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US House May Vote On Major Food Stamp Cuts

7:47 AM, Sep 19, 2013   |    comments
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After watching the cost of food stamp assistance soar during the recession, the Republican-led House of Representatives on Thursday plans to vote on a bill to cut the food stamp program by a whopping $40 billion over 10 years.

The major cuts were designed to satisfy House conservatives who rejected more moderate reductions to the Supplemental Nutrition Assistance Program (SNAP) earlier this year, but with millions of Americans still struggling to recover from the recession, Democrats are balking at the GOP bill.

"What the House Republicans are saying is this: get a good paying job or your family will just have to go hungry," Sen. Debbie Stabenow, D-Mich., chairwoman of the Senate Agriculture Committee, said on the Senate floor Wednesday. "But there aren't enough good paying jobs, as you can see... The Republican approach is like saying we're tired of spending so much on wildfires, so we'll just cut the budget of the fire service. That isn't going to work."

Stabenow said the House bill -- called the Nutrition Reform and Work Opportunity Act -- "will never see the light of day in the Senate."

Even if it did pass in the Democratic-led Senate, President Obama has promised to veto the legislation. "These cuts would affect a broad array of Americans who are struggling to make ends meet, including working families with children, senior citizens, veterans, and adults who are still looking for work," the White House said in a statement on the bill.

The White House once again urged Congress to reauthorize SNAP spending in a bill that also renews agricultural assistance, as Congress traditionally has. The Democratic-led Senate in June passed a five-year farm bill that would have cut about $400 million from SNAP annually, but the cuts were too modest for conservaties in the House. In fact, a bill failed in the House that would have cut $2 billion a year from the food stamp program, in part because House Democrats called the cuts too steep and because some conservatives said they weren't steep enough.

In addition to making cuts twice that size, the Nutrition Reform and Work Opportunity Act would end waivers that let able-bodied adults without children get food stamps indefinitely without meeting certain work requirements. It would allow states to impose more work and job-training requirements on able-bodied parents in the program and end government campaigns to publicize the program.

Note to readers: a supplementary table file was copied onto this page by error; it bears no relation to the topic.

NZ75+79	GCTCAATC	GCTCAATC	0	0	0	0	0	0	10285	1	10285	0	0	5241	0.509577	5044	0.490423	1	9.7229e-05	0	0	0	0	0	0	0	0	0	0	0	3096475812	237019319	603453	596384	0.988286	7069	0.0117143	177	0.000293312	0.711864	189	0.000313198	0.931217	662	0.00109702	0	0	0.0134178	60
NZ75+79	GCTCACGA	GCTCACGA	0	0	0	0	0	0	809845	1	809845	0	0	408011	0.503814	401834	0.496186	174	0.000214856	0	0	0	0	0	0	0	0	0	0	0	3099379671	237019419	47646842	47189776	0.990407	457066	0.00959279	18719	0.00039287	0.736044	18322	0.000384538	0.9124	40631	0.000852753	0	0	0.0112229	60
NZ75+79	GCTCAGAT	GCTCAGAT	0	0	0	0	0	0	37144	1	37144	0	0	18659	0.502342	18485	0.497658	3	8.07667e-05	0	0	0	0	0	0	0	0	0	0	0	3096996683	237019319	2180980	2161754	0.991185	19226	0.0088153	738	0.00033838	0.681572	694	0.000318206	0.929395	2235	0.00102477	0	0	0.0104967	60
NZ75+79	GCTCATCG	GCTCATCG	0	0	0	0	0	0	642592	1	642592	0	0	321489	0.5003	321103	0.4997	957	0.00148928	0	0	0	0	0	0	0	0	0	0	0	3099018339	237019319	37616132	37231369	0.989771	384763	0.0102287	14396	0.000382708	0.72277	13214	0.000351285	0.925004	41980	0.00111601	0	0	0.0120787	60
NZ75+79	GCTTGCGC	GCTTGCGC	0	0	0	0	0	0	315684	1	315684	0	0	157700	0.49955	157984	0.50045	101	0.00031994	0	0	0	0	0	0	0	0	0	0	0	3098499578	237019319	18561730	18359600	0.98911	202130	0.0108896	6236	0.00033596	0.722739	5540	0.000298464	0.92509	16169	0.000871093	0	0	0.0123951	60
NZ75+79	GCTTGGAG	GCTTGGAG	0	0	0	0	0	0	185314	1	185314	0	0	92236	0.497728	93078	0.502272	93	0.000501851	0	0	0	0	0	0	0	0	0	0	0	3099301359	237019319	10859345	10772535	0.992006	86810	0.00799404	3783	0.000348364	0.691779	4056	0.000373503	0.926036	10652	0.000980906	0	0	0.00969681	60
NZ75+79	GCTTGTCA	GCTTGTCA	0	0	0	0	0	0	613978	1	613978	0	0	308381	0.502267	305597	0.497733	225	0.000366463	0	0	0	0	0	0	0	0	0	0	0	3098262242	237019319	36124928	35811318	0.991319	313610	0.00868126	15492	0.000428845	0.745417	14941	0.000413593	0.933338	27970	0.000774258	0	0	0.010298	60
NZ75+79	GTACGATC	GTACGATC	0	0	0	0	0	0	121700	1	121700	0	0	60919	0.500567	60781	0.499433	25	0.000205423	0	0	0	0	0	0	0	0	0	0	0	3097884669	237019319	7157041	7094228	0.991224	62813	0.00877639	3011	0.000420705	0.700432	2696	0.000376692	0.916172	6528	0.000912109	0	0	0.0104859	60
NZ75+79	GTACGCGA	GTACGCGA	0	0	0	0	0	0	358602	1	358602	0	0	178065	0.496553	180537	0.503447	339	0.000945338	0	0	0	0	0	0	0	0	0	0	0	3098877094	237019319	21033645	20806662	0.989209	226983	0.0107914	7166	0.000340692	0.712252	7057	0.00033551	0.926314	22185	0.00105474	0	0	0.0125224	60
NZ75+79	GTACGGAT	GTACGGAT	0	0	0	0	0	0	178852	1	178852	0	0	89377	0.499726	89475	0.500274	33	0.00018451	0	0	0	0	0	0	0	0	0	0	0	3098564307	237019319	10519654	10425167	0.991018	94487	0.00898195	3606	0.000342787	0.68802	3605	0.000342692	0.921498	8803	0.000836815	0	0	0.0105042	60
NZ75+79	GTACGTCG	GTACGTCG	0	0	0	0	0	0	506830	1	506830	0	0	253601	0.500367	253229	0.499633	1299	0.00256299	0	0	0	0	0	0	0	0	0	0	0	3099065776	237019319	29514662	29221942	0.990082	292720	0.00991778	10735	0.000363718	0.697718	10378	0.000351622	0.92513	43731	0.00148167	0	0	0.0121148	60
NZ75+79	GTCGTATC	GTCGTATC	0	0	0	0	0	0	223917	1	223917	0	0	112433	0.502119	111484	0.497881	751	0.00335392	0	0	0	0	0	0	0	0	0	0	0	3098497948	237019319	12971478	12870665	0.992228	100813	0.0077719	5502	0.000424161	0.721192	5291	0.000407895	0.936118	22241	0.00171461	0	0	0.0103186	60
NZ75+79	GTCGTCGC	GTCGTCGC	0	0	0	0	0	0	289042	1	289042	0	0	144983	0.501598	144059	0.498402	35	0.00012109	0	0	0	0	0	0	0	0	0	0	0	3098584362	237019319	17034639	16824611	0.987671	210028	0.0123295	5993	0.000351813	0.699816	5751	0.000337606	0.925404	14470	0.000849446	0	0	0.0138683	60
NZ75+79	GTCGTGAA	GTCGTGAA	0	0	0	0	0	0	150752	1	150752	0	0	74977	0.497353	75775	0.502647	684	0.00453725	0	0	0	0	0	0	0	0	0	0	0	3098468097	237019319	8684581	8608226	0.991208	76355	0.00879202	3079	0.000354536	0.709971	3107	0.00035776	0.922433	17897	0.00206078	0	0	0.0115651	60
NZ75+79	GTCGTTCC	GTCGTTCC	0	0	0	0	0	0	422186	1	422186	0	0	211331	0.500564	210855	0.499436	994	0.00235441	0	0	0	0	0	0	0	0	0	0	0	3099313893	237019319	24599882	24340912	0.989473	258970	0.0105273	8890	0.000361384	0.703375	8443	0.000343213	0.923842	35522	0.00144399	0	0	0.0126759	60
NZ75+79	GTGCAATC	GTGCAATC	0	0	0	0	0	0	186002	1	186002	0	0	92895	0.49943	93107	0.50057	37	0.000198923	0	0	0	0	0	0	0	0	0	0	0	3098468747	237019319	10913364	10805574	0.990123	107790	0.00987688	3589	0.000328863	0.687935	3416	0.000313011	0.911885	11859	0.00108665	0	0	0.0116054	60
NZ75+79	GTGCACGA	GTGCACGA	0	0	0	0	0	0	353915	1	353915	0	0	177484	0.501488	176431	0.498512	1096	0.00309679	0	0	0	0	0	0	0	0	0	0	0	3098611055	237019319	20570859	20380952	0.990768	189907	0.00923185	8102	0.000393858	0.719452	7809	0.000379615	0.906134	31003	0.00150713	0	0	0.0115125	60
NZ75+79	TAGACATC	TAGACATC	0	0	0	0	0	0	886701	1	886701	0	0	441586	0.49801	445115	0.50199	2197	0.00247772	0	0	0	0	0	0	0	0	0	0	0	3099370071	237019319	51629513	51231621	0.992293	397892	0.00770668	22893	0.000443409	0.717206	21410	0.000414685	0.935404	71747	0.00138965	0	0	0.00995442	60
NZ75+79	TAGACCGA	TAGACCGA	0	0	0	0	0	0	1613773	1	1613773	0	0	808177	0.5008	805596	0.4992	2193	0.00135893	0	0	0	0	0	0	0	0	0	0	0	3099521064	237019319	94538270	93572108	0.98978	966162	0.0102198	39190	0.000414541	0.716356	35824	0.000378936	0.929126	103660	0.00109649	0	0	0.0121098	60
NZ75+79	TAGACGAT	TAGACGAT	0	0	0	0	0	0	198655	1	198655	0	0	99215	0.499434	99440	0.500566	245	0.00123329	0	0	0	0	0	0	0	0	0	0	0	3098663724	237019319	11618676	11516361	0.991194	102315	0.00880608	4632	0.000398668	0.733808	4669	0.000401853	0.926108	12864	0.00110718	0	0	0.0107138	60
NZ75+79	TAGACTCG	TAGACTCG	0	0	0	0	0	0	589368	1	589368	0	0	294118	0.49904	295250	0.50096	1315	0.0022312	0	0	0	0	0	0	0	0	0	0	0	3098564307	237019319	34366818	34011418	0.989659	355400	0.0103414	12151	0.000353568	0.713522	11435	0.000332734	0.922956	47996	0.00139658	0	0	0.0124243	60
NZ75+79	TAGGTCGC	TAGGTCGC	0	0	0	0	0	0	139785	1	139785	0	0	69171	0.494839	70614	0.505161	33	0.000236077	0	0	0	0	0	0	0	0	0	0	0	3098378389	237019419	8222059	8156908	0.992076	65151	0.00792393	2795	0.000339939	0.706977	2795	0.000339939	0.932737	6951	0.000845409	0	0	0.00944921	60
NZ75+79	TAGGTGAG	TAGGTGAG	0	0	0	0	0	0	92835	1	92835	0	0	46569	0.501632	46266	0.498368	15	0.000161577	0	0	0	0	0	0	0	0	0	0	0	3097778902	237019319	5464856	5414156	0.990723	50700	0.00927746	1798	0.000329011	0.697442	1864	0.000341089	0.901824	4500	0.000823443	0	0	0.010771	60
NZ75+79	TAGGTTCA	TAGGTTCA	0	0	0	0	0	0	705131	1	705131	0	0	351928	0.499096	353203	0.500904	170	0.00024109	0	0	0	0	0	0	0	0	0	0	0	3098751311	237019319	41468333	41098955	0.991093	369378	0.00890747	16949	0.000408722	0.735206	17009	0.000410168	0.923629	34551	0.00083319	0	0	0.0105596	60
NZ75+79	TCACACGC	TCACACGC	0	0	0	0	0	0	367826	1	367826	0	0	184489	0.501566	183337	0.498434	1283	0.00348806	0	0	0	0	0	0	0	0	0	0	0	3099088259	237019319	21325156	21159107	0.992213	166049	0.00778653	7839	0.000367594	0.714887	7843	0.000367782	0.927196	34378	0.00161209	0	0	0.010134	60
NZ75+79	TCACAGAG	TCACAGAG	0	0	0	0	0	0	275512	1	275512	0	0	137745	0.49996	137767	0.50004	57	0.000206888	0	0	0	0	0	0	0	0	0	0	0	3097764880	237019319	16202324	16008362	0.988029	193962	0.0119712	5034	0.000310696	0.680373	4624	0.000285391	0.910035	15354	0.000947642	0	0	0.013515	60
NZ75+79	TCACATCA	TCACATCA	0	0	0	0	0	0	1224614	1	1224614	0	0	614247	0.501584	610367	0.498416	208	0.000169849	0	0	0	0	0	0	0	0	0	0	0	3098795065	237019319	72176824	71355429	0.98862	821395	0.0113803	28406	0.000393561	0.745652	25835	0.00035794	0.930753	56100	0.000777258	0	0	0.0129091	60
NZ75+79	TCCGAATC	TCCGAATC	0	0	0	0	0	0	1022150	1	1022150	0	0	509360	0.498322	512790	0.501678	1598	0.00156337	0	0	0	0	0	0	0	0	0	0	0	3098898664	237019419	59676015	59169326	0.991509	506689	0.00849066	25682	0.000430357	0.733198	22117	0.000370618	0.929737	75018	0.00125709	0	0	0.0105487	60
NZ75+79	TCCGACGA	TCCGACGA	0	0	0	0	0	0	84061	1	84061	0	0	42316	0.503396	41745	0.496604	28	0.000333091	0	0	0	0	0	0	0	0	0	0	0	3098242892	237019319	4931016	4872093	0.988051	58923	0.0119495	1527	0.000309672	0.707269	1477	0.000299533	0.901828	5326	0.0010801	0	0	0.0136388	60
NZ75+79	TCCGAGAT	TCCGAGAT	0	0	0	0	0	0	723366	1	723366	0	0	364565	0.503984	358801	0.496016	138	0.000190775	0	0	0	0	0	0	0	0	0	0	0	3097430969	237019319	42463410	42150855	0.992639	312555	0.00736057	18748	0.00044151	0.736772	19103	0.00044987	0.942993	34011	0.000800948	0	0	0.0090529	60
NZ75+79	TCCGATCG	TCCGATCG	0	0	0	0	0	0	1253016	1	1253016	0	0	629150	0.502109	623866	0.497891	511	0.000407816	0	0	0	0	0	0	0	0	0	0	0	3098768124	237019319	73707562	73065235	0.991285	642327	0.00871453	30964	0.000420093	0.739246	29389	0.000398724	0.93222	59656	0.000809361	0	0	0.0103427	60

"This bill not only restores the integrity of this safety-net program, it will help beneficiaries become more self-sufficient," a memo from House Republican Whip Rep. Kevin McCarthy, R-Calif. The memo contends that "middle class families struggling to make ends meet themselves foot the bill for a program that has gone well beyond a safety net for children, seniors, and the disabled."

The cost of SNAP has more than doubled since 2008, coming to nearly $78 billion last year. In 2007, the percentage of American households that lacked sufficient access to food stood at 11.1 percent, but it increased to 14.6 percent in 2008 as the recession hit. That figure has remained virtually unchanged since then, the U.S. Department of Agriculture reported in September, with 14.5 percent of households that were "food insecure" in 2012.

However, Democrats have pointed out that the food stamp program should shrink when the economy finally turns around. According to the nonpartisan Congressional Budget Office's estimate, SNAP participation is projected to decline from 48 million people in 2014 to 34 million in 2023.

With the economy still struggling to recover, now is the wrong time to cut the program, Democrats say. "When unemployment is high and people can't pay their bills, that's exactly the time they need the SNAP program," Rep. Jim McDermott, D-Wash., said on the House floor Wednesday.

Earlier this week, House Democrats recruited anti-hunger advocates, including celebrity chef Tom Colicchio, to lobby against the Republican measure. At a press conference Tuesday, Colicchio, who's best known as the head judge on "Top Chef," said he was looking for about 20 House Republicans "to do the right thing" and join Democrats in opposing the bill.

"This is not about a budget, this is about the strength of a country," he said.

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